Not sure "ICO to be able to hand down jail time" is such a great idea!.. job of judges, due process, etc... but criminal prosecution powers like those of the CPS... or at least remit to work in conjunction with the CPS just as other policing bodies do... would surely be appropriate? Isn't something like this already in place? If not, why not?.. and if so, why isn't it used?
Tuesday 19th February 2013 09:12 GMT mhoulden
Fines only work up to a point. Organizations might take data protection a bit more seriously if the penalty for a serious breach was a spell in prison handed down by a judge rather than a "civil monetary penalty " imposed by the ICO. Even more so if it meant the chief exec faced being put in the clink.
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Tuesday 19th February 2013 10:57 GMT TeeCee
Re: unencrypted DVD
Clearly an MPAA violation!
Which, being outside America, we don't give a flying fuck about.
Best example of this inability to understand that US laws cease to have effect at their borders was when the US president gave Sweaty Gordon a stack of DVDs as a present. The NYT printed a mocking article pointing out that, as they were all Region 1 disks, the caledonian spendthrift would be unable to watch them. In fact, of course, I'm sure that 10 Downing St. has a multiregion player, as do most of us outside the United Soviets of America.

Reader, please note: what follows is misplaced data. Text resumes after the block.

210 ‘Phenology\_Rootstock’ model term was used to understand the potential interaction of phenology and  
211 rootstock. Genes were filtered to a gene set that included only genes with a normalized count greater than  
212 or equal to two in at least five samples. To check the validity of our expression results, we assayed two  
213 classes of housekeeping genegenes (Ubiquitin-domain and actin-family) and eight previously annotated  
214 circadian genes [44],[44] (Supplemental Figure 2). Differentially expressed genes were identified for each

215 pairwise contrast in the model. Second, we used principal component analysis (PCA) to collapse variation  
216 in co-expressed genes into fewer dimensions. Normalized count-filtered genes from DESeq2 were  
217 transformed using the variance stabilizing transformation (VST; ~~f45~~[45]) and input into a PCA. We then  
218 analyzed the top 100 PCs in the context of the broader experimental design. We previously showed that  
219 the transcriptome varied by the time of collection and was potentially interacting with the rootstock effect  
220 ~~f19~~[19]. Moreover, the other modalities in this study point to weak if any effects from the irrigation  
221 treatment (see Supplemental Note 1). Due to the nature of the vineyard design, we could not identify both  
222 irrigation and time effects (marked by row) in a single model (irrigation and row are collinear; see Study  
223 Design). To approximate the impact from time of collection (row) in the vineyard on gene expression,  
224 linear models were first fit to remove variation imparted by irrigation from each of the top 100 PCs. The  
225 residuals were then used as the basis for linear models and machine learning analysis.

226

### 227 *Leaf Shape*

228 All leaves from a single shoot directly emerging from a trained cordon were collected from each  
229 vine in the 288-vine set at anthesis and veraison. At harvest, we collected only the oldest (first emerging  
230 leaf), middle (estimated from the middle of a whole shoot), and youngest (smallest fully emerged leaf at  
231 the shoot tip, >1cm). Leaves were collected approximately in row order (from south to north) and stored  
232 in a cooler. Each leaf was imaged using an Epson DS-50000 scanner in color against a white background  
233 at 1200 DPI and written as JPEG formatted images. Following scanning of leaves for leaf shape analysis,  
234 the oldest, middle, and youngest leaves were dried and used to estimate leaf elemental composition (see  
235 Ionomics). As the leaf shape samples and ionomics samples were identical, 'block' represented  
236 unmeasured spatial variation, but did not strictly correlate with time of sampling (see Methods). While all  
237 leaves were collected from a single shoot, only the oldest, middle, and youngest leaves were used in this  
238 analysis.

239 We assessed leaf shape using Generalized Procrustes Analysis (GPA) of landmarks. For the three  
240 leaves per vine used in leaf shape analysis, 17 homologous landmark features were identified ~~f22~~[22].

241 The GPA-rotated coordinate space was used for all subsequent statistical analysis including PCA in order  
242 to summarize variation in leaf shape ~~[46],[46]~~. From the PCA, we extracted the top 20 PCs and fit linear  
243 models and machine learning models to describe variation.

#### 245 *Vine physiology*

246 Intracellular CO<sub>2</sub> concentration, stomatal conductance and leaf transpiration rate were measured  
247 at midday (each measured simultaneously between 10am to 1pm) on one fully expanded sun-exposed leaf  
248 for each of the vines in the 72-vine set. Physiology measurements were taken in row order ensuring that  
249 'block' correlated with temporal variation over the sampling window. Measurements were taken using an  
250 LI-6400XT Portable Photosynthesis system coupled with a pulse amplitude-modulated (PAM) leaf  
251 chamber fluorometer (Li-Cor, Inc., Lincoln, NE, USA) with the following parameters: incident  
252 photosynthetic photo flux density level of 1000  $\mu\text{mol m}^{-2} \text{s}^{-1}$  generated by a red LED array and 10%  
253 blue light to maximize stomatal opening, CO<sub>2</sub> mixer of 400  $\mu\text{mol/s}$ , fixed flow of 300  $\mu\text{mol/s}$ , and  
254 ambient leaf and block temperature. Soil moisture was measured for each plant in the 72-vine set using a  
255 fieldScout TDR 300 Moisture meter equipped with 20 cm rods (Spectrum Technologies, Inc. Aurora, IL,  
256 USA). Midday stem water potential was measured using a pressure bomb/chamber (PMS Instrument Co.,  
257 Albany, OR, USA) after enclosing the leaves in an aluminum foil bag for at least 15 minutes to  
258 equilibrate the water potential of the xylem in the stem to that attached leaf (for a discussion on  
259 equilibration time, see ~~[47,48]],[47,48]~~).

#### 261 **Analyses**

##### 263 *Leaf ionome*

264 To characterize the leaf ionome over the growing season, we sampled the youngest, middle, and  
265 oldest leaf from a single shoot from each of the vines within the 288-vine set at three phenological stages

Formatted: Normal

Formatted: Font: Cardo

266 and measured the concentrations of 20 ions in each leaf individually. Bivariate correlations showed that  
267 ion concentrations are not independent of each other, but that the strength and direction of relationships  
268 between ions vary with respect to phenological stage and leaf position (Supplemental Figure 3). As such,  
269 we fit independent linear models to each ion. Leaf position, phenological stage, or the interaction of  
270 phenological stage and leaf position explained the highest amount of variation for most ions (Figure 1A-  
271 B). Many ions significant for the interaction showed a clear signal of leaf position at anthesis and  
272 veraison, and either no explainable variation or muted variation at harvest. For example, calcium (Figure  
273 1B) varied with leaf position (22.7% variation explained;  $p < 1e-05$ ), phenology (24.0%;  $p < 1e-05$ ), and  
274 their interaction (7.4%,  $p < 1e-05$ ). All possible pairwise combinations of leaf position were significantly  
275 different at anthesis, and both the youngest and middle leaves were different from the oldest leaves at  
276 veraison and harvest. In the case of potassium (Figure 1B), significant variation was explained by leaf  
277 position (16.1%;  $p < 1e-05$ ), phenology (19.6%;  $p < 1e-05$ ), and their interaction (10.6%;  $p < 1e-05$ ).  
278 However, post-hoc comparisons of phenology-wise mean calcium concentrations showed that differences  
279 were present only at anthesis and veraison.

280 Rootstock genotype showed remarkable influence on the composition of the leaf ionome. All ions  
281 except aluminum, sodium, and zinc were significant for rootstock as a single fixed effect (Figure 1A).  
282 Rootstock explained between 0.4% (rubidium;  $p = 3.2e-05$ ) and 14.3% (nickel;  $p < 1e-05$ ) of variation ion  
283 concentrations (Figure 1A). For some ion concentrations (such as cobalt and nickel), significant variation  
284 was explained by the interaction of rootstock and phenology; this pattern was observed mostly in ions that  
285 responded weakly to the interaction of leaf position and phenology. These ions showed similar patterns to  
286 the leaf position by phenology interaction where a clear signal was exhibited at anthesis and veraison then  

I'm not sure what was funnier; The sheer ignorance displayed by the NYT, or the fact that the British press duly trotted that load of bollocks out en masse without thinking.
Tuesday 19th February 2013 09:58 GMT Shasta McNasty
They won't care, it's not their money
Why do government bodies that issue fines fail to understand even the simplest of concepts? This fine isn't paid by those responsible. In this case, it's paid by those people who pay their subscriptions and literally had nothing to do with the whole issue. Those responsible won't be punished to a level anywhere near what is deserved.
They need to get more inventive on the punishments because sacking people would violate their employment T&Cs as they're protected from being a moron and aren't responsible for their own actions.
Maybe they should be made to stand in the corner of their local shopping centre for a week to think about what they've done.